ing a group with normal renal function and recent spinal cord injuries, so that a wide range of GFR values could be included. Patients with edema, which alters radiotracer distribution (9), were excluded from the study. A butterfly infusion set was placed in a peripheral vein. Five millicuries of [@mTc]DTPAwere injected and the syringe flushed with blood, followed by 50 @tCiof [â€˜69YbJDTPA after which the syringe

was again flushed.

partment with proportionality constant a. V1 represented the volume of Compartment 1 and V2the volume of Corn partment 2. The one-point method employed fixed values for parameters a, V1, and V2, obtaining the GFR estimate for each patient by numerical fit (Newton's method) to the single data point. The fixed parameters a, V1, and V2, were chosen to give the best least squares fit for all pa tients taken together as a group. The two-point GFR was obtained in a similar fashion, using a/Vs and al V2 as fixed parameters, V1 and GFR as variable param eters, and Newton's method for the two-point, two-parameter curve fit.

RESULTS The result of using two data points to estimate GFR is shown in Fig. 1. The GFR calculated from two measure ments (at 1 and 4 hr) agreed closely with that calculated from all eight points (from iO mm to 4 hr after injection). A one-parameter formula initially proposed by Morgan et al. (5) was found to be equally satisfactory (Table 1). The two-parameter formula of BrÃ¸chner-Mortensen (11) also worked well when the parameters were chosen to fit our E'69YbIDTPA or [99mTc]DTPA data, though the pararn

eters reported by BrÃ¸chner-Mortensenfor a different. agent, [51Cr]EDTA,did not fit our data. A single sample drawn at 3 hr furnished a reasonable estimate of GFR that is probably adequate for most clini cal uses, though the error was about twice that of two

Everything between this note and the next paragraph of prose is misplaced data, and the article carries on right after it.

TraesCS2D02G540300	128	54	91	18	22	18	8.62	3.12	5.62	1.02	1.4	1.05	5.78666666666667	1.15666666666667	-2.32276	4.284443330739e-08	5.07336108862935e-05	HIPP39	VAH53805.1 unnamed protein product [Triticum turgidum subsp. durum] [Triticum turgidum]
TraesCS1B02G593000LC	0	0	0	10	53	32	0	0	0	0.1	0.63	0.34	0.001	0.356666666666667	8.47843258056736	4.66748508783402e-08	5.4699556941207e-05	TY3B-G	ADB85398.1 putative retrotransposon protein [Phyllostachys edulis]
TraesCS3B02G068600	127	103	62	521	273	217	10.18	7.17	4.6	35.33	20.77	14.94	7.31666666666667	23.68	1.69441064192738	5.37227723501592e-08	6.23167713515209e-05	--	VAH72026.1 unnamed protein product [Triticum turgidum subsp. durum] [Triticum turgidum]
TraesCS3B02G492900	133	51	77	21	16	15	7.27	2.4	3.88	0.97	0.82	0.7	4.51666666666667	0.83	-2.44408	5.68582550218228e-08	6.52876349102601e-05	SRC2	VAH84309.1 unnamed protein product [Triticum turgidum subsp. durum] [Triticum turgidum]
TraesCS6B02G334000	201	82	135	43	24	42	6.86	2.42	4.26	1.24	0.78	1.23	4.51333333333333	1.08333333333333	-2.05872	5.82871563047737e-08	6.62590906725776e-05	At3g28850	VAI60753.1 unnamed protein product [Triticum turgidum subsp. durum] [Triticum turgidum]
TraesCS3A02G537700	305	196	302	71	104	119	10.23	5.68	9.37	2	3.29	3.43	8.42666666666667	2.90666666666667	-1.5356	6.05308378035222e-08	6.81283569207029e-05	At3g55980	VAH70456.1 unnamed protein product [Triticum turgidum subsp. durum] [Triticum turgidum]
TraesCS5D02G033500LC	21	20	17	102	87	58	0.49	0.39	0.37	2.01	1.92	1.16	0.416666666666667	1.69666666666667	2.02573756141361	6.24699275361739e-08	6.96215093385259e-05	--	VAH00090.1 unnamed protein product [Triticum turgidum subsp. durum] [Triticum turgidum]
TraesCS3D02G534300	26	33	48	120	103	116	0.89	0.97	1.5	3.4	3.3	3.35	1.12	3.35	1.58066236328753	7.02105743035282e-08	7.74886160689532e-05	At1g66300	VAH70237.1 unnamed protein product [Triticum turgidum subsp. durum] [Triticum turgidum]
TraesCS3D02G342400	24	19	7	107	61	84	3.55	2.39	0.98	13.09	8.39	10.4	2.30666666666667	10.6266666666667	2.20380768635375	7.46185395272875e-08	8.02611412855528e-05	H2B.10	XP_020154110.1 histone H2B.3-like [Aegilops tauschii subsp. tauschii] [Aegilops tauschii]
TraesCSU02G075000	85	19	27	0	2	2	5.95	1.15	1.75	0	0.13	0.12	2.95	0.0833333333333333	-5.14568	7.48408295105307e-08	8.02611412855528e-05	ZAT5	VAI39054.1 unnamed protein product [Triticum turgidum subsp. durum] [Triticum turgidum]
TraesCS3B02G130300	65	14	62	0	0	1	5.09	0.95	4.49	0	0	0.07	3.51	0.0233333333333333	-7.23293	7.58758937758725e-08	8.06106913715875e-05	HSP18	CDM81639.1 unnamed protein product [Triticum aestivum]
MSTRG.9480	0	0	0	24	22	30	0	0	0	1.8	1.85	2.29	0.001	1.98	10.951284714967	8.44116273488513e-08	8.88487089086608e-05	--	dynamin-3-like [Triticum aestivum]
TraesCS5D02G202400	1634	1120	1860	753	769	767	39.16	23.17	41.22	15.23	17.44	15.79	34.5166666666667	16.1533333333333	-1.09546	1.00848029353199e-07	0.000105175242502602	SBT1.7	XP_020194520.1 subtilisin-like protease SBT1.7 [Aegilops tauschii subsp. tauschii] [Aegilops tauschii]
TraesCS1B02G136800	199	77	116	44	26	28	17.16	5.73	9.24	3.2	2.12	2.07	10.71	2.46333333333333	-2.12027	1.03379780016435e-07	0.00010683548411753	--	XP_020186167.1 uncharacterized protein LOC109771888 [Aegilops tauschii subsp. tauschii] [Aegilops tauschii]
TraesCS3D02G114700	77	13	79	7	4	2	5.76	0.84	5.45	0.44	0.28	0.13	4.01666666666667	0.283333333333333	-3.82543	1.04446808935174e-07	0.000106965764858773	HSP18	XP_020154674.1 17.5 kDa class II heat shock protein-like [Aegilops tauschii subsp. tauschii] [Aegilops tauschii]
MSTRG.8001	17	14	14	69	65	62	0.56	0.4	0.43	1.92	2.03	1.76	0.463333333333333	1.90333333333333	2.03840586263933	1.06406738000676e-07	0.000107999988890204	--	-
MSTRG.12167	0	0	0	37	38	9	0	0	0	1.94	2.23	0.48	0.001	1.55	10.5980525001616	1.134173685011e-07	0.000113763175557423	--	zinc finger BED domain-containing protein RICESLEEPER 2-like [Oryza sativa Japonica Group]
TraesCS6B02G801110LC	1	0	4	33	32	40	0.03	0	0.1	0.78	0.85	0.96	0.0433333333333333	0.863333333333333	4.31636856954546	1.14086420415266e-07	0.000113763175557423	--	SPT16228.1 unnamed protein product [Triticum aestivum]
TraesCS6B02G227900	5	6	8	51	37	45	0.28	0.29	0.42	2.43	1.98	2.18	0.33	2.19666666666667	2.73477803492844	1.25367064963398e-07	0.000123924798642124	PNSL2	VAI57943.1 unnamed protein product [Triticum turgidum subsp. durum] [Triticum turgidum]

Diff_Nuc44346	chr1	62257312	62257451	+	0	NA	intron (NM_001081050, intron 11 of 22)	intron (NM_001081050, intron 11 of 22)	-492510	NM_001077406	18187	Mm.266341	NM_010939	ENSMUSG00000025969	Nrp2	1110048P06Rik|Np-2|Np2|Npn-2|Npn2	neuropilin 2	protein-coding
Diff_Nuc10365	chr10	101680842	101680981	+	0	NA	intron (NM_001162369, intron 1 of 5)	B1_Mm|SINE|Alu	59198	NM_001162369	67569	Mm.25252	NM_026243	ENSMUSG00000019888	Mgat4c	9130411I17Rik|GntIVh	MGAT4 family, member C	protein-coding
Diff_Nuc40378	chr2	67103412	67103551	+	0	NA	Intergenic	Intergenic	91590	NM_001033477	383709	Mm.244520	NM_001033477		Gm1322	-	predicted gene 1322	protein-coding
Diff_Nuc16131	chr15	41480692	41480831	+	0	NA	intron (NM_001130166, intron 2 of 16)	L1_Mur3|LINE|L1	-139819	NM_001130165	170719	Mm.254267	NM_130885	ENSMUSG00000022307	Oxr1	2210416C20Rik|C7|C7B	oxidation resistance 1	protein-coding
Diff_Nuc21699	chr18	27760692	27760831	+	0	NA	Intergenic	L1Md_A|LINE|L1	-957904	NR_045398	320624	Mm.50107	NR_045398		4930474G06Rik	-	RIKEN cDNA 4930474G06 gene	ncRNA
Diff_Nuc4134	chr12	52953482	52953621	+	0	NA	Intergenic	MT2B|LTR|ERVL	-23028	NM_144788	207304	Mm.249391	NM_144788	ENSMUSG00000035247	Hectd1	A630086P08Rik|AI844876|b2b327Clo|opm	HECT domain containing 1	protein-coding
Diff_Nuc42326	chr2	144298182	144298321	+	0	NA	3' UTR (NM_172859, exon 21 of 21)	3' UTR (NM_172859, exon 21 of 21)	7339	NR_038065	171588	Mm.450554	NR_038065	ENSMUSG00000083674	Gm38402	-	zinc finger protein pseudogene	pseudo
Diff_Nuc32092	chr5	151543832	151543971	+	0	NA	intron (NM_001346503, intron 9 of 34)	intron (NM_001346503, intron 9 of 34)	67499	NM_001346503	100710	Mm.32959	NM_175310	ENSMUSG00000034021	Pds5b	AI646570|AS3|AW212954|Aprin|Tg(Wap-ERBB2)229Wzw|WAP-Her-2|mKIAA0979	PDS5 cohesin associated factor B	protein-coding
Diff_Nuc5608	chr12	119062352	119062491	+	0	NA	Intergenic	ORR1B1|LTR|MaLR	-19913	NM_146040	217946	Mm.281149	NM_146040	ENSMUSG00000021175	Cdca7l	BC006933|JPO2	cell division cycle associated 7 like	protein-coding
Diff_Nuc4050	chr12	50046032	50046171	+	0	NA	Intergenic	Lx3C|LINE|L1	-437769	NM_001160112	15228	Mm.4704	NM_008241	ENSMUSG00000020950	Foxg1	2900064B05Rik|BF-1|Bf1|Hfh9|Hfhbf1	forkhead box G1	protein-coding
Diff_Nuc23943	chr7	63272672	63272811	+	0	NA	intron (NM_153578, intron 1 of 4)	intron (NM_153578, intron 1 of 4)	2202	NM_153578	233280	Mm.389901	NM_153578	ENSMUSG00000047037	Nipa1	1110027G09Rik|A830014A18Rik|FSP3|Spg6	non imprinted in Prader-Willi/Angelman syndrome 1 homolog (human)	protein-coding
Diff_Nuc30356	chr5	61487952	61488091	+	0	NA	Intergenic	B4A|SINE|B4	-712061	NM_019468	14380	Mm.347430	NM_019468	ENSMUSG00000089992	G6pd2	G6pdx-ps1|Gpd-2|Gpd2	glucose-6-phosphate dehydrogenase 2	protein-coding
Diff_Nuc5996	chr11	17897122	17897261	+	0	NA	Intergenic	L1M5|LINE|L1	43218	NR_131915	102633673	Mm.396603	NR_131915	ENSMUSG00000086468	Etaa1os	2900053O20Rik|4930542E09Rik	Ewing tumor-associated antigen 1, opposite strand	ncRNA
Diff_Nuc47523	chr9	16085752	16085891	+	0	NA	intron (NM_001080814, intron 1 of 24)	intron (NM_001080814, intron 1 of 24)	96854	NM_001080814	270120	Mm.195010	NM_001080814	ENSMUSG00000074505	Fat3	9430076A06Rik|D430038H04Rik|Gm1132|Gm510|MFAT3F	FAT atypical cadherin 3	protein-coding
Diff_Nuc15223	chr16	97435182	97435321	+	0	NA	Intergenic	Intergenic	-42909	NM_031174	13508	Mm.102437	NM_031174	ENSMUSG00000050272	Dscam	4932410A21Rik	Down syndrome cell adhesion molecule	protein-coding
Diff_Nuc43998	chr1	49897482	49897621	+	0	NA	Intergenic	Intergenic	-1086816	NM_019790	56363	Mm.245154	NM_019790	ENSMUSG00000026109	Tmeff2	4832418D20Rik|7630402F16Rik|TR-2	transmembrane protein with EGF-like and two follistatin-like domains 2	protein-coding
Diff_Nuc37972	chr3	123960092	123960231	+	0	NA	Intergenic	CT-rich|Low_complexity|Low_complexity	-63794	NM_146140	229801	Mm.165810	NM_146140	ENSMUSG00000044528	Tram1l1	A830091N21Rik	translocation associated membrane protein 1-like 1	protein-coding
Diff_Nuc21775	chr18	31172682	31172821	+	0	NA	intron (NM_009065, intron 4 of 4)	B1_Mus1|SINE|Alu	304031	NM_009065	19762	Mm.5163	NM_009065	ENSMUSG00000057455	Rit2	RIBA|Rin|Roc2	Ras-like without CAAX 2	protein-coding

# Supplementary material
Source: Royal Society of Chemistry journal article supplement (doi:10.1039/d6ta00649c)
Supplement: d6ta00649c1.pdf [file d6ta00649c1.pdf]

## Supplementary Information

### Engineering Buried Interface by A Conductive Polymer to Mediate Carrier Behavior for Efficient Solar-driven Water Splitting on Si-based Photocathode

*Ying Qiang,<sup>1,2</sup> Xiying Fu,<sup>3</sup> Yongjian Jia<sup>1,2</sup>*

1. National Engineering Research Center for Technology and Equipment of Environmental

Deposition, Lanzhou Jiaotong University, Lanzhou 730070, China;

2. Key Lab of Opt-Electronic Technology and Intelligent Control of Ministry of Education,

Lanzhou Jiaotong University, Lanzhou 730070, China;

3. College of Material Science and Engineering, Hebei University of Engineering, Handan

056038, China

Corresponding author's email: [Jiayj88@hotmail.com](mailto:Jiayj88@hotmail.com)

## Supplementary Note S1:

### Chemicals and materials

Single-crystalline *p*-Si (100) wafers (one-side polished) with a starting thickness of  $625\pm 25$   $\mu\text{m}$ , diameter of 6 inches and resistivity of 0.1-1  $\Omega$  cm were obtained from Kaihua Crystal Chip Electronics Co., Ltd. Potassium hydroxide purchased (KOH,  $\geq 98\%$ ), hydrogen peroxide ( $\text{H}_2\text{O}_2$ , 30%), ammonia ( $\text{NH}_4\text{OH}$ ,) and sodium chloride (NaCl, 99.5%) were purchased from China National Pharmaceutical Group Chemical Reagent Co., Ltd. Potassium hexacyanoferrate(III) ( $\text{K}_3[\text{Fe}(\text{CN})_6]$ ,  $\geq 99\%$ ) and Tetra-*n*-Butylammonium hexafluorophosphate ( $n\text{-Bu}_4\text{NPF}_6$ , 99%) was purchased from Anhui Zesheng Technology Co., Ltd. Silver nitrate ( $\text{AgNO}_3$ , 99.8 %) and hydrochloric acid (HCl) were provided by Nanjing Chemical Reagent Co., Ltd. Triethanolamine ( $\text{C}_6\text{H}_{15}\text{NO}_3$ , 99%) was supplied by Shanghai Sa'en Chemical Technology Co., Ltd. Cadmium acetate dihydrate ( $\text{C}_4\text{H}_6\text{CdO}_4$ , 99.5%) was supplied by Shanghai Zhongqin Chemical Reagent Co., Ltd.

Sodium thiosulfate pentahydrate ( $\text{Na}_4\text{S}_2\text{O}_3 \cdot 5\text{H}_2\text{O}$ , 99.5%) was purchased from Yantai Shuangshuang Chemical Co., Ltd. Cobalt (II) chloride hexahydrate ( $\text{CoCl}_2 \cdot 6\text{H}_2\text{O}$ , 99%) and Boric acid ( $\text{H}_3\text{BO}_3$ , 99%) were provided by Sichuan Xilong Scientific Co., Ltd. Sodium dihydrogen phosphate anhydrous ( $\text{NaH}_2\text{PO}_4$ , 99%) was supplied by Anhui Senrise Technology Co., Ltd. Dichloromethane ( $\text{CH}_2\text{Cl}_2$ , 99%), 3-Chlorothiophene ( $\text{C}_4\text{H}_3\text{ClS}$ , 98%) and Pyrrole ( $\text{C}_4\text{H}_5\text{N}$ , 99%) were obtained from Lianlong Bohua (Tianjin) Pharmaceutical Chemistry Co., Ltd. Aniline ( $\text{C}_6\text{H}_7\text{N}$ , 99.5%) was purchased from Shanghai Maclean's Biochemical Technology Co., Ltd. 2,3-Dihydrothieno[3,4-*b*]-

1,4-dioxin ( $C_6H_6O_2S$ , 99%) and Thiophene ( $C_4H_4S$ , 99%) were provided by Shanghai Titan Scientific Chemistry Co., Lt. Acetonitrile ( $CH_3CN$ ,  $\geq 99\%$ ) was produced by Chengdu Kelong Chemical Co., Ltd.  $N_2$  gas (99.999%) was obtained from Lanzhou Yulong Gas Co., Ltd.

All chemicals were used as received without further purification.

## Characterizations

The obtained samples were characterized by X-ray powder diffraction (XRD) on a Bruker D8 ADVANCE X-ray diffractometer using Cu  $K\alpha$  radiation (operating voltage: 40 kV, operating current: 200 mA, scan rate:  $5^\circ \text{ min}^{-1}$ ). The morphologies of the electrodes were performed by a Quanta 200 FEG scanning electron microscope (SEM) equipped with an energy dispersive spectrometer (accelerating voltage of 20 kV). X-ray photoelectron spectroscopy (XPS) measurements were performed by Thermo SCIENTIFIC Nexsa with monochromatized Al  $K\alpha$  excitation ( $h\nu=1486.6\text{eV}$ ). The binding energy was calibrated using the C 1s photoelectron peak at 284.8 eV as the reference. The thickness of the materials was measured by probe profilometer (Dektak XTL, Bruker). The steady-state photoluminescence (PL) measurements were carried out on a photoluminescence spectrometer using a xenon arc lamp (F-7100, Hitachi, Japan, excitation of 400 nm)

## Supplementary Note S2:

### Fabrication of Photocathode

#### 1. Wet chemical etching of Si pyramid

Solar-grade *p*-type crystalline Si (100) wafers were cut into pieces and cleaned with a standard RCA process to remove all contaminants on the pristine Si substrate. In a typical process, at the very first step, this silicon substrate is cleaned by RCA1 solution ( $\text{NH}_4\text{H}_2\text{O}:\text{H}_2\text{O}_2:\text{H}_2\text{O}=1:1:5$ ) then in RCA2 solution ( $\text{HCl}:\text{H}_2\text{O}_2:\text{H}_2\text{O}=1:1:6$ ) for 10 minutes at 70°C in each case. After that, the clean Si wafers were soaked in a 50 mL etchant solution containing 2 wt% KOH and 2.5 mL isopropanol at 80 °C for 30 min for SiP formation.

Residual activity in the syringe was less than 2 % of the dose. Standards were prepared by dilution from duplicate syringes. Eight blood samples were drawn into standard samples (Thble 2). The two-compartment EDTA-anticoagulatedvacuum sample tubes at 10, 20, 30, 45, 60, 120, 180, and 240 mm after injection, using a vein other than that used for injection. After centrifugation, duplicate samples of plasma and standard were pipetted, 0 counted, and the results averaged. A week later, after (l).E decay of @Tc,the samples were recounted for â€˜69Yb. The aqueous standard solution of [â€˜69Yb]DTPA was pipet a.â€” ted into counting tubes within 8 hr of preparation, since

model again

z

further delay led to deposition of activity onto the glass

Glomerular flftratlon rate (GFR)can be calculated from the plasma clearance of any of severalradIo@rmaceutIcals that are excreted by glomerularfiltration. Simplified methodshavebeen proposedthat require only one or two plasmasamplesin lieu of a more completeclearancecurve. Weexaminedthe error Introducedby this simplification. Forty patientswere studied using a dual-Isotopetechnique employing @mTcJDTPA and r69YbIDTPA,obtaining eight plasmasamplesfor each clearancecurve at Intervalsfrom 10 to 240 mm after injection. Data were fit to several empirical or semlempiricalformulae

and also to a two-compartmentcomputer model that permitted GFRestimationfrom only one or two data points. The computer model gave good fit, but so did severalsimpler methods.The error that resuftsfrom replacingthe completeclearancecurve by a single 3-hr samplewas about 8 mI/mm(residuals.d.). By using two samples(at I and 3 hr), the error could be reduced to 4 mI/mm. Recommended one- and two-sample methods are

presented.

J NuclMed26:1243-1247,1985

lomerular filtration rate (GFR) can be calculated from the rate of clearance of tracer activity from the plasma following a sing!e i.v. injection of a suitable ra diopharmaceutical. As long as the radiopharmaceutical is excreted solely by glomerular filtration and is not bound to plasma protein or to any other component of blood or other tissue, the GFR can be calculated simply by divid ing the administered dose by the integral of the plasma time-activity curve. Approximate methods have been pro

posed in which the GFR is estimated from only one or two plasma samples rather than from a multisample time-ac tivity curve. These have all been based on chromium-Si ethylenediaminetetraacetic

acid ([51Cr]EDTA), except for

the work of Jacobsson, who used technetium-99m diethy

binding (2). That problem was not addressed by Jacobs

son. In the present study, we employ [@Tc1DTPA, with explicit measurement of and correction for protein bind ing, and with simultaneous use of ytterbium-i69 (â€˜69Th) DTPA as an extra check.